Lord Foulkes: Reach out to help loder people suffering from loneliness

One in ten older people suffer from long-term loneliness. Picture: John Devlin

One in ten older people suffer from long-term loneliness. Picture: John Devlin

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Loneliness can be a problem at any age, and at any time. While many of us look forward to Christmas, people who are on their own at this time of year can feel that isolation even more deeply. Decades of research have shown that chronic loneliness is more common than we might have thought and has debilitating impacts on our wellbeing.

Loneliness is not only a problem for older people. Pupils can be shunned at school, adults given the cold shoulder by friends and family. But older people are often more likely to be affected because so many of the causes of isolation – bereavement, children moving away, retirement, mobility problems and cognitive or sensory impairments – occur in later life.

One in ten older people – more than100,000 Scots – say they feel lonely all of the time. Half of over-75s now live alone, and most of them say that their main form of company is a pet or their TV. And up to 40,000 older Scots will be alone on Christmas Day.

Long-term loneliness can lead to stress, anxiety and depression. It can also raise blood pressure, increase risk of heart attacks and some cancers. And it has behavioural effects, reducing activity and exercise, and stirring cynicism and resentment.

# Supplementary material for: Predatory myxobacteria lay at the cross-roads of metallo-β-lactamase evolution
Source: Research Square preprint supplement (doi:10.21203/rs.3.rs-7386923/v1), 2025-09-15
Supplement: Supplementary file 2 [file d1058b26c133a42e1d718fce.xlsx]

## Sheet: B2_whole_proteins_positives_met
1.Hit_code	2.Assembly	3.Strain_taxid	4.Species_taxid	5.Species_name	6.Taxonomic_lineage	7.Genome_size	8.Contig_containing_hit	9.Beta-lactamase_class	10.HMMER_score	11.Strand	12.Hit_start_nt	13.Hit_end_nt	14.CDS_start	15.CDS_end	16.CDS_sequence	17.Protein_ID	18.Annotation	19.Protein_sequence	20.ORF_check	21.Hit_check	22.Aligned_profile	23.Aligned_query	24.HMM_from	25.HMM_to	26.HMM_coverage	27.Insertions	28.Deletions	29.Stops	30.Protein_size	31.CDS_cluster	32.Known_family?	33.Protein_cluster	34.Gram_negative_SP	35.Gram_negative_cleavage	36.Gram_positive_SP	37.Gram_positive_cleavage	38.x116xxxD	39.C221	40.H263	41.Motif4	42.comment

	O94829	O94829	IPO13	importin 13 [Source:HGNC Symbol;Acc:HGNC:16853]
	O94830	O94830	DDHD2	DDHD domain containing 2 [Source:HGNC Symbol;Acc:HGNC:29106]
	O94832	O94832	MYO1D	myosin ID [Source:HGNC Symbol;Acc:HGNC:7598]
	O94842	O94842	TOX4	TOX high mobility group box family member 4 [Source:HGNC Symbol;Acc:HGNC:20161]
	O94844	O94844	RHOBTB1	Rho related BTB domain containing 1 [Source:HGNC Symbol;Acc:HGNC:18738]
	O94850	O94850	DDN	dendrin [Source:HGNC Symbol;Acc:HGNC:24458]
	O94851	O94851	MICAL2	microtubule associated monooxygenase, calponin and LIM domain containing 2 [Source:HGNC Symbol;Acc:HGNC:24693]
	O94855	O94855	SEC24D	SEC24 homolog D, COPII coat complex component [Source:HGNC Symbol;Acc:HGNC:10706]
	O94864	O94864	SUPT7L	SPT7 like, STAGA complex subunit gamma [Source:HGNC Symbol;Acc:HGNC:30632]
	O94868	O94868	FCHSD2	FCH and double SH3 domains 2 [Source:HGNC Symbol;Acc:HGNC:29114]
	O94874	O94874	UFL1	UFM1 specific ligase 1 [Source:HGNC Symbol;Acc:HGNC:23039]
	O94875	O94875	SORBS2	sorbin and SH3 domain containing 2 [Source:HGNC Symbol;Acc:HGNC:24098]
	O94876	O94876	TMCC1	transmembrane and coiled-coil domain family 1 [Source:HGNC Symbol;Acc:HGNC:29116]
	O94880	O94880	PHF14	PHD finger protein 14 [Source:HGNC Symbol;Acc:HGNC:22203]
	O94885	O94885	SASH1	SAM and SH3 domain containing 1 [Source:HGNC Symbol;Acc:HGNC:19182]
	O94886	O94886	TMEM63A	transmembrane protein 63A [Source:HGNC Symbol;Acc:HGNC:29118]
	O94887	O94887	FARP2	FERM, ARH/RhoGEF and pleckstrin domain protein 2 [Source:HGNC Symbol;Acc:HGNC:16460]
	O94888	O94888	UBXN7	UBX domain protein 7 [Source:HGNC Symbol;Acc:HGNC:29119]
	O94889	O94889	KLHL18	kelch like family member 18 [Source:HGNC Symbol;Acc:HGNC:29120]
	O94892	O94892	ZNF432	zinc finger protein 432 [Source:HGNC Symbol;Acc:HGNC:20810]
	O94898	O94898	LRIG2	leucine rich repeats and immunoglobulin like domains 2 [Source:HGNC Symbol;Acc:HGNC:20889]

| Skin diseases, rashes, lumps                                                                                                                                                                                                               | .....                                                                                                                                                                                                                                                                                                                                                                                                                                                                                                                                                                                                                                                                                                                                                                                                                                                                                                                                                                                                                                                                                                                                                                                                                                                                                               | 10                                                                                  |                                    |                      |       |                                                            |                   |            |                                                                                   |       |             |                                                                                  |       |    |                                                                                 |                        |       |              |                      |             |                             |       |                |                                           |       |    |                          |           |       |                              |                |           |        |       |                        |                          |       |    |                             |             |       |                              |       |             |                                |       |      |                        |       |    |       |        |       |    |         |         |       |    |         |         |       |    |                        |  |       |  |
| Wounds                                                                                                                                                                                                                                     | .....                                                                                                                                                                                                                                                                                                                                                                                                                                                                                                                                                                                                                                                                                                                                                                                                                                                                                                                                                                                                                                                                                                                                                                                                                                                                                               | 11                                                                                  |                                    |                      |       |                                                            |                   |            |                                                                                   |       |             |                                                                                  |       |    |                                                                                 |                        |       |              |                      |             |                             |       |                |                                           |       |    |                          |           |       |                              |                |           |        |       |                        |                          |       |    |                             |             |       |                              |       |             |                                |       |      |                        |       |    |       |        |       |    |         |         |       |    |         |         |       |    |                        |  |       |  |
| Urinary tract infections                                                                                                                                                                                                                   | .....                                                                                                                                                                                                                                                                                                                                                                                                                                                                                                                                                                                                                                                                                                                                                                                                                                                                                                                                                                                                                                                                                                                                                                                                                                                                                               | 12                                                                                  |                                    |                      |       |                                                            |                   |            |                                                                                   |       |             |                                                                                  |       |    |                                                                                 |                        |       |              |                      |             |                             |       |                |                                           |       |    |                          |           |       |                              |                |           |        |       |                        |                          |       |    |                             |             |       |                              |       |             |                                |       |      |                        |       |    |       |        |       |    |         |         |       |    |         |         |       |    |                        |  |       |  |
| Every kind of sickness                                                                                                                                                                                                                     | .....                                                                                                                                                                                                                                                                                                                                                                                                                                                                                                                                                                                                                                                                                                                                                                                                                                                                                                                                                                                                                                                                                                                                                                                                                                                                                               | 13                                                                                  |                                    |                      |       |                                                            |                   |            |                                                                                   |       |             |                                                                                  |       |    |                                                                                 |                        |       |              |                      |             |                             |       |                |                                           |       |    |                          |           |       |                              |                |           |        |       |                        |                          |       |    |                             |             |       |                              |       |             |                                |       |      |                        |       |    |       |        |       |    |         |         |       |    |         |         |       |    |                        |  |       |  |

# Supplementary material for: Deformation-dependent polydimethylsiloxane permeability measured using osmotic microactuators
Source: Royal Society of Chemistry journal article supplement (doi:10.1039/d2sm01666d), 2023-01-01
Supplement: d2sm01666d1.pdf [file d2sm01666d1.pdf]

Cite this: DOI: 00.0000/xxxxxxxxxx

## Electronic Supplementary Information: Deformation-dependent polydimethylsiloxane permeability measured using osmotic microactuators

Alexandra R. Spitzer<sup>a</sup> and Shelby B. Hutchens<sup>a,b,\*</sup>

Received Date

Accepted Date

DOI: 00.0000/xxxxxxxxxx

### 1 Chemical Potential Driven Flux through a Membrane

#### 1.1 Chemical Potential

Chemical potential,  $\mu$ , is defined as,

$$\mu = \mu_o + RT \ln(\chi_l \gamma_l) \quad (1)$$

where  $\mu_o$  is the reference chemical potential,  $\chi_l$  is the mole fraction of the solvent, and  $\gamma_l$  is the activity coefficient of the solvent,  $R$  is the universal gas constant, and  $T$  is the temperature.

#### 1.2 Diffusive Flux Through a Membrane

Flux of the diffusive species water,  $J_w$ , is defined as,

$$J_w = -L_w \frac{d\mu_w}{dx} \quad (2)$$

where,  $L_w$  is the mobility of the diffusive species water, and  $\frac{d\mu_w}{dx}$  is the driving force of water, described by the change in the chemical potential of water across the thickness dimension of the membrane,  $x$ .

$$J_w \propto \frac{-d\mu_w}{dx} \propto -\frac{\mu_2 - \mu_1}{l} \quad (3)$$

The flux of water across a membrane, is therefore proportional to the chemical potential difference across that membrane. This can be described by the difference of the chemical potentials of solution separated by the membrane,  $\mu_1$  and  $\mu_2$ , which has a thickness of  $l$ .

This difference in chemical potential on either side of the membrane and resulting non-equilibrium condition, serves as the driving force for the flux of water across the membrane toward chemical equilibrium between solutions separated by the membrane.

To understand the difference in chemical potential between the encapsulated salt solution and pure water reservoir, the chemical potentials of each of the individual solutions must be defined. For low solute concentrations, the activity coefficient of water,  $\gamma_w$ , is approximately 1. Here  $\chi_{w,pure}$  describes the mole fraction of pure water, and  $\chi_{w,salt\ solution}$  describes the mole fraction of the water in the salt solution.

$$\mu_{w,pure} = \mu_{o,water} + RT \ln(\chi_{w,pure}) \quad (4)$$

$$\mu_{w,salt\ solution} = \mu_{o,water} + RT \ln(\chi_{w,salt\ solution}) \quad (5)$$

Age Scotland has made tackling loneliness one of our strategic priorities. Our national freephone telephone helpline, 0800 12 44 22, offers friendship and contact as well as information and advice. We connect people to local groups they can participate in or who can arrange visits, and are giving out £75,000 this year in small grants to community organisations for activities like outings and lunches to bring older people together.

But we also need others to help. A parliamentary inquiry last year – the first of its kind worldwide – investigated isolation and recommended change. There’s now a Government commitment to a national strategy, which must align policies and practices by public bodies like the NHS and councils to recognise the symptoms and respond appropriately. And everyone can think about how to connect better with older people they know or live beside.

Lord Foulkes of Cumnock is chair of Age Scotland